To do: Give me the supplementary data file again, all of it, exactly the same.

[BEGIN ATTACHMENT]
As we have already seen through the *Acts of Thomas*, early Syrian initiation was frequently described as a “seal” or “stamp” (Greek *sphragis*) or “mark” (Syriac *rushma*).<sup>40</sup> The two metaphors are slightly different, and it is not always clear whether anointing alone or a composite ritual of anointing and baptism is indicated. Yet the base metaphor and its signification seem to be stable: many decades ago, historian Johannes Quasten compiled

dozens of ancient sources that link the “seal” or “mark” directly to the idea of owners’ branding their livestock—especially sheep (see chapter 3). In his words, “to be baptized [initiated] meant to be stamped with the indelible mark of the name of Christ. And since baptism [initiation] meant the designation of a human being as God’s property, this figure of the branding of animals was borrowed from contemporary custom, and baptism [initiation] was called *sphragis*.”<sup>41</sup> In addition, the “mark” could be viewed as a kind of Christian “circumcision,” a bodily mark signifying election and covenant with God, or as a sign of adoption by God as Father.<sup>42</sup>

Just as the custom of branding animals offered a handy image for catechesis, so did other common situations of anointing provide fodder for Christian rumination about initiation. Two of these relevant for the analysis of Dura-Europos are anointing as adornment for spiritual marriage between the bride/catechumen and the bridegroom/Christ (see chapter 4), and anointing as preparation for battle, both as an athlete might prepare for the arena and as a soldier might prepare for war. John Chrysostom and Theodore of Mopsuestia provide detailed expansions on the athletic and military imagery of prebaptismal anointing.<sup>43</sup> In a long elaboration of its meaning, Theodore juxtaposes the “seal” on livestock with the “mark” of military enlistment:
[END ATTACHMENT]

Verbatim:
As we have already seen through the *Acts of Thomas*, early Syrian initiation was frequently described as a “seal” or “stamp” (Greek *sphragis*) or “mark” (Syriac *rushma*).<sup>40</sup> The two metaphors are slightly different, and it is not always clear whether anointing alone or a composite ritual of anointing and baptism is indicated. Yet the base metaphor and its signification seem to be stable: many decades ago, historian Johannes Quasten compiled

dozens of ancient sources that link the “seal” or “mark” directly to the idea of owners’ branding their livestock—especially sheep (see chapter 3). In his words, “to be baptized [initiated] meant to be stamped with the indelible mark of the name of Christ. And since baptism [initiation] meant the designation of a human being as God’s property, this figure of the branding of animals was borrowed from contemporary custom, and baptism [initiation] was called *sphragis*.”<sup>41</sup> In addition, the “mark” could be viewed as a kind of Christian “circumcision,” a bodily mark signifying election and covenant with God, or as a sign of adoption by God as Father.<sup>42</sup>

Just as the custom of branding animals offered a handy image for catechesis, so did other common situations of anointing provide fodder for Christian rumination about initiation. Two of these relevant for the analysis of Dura-Europos are anointing as adornment for spiritual marriage between the bride/catechumen and the bridegroom/Christ (see chapter 4), and anointing as preparation for battle, both as an athlete might prepare for the arena and as a soldier might prepare for war. John Chrysostom and Theodore of Mopsuestia provide detailed expansions on the athletic and military imagery of prebaptismal anointing.<sup>43</sup> In a long elaboration of its meaning, Theodore juxtaposes the “seal” on livestock with the “mark” of military enlistment: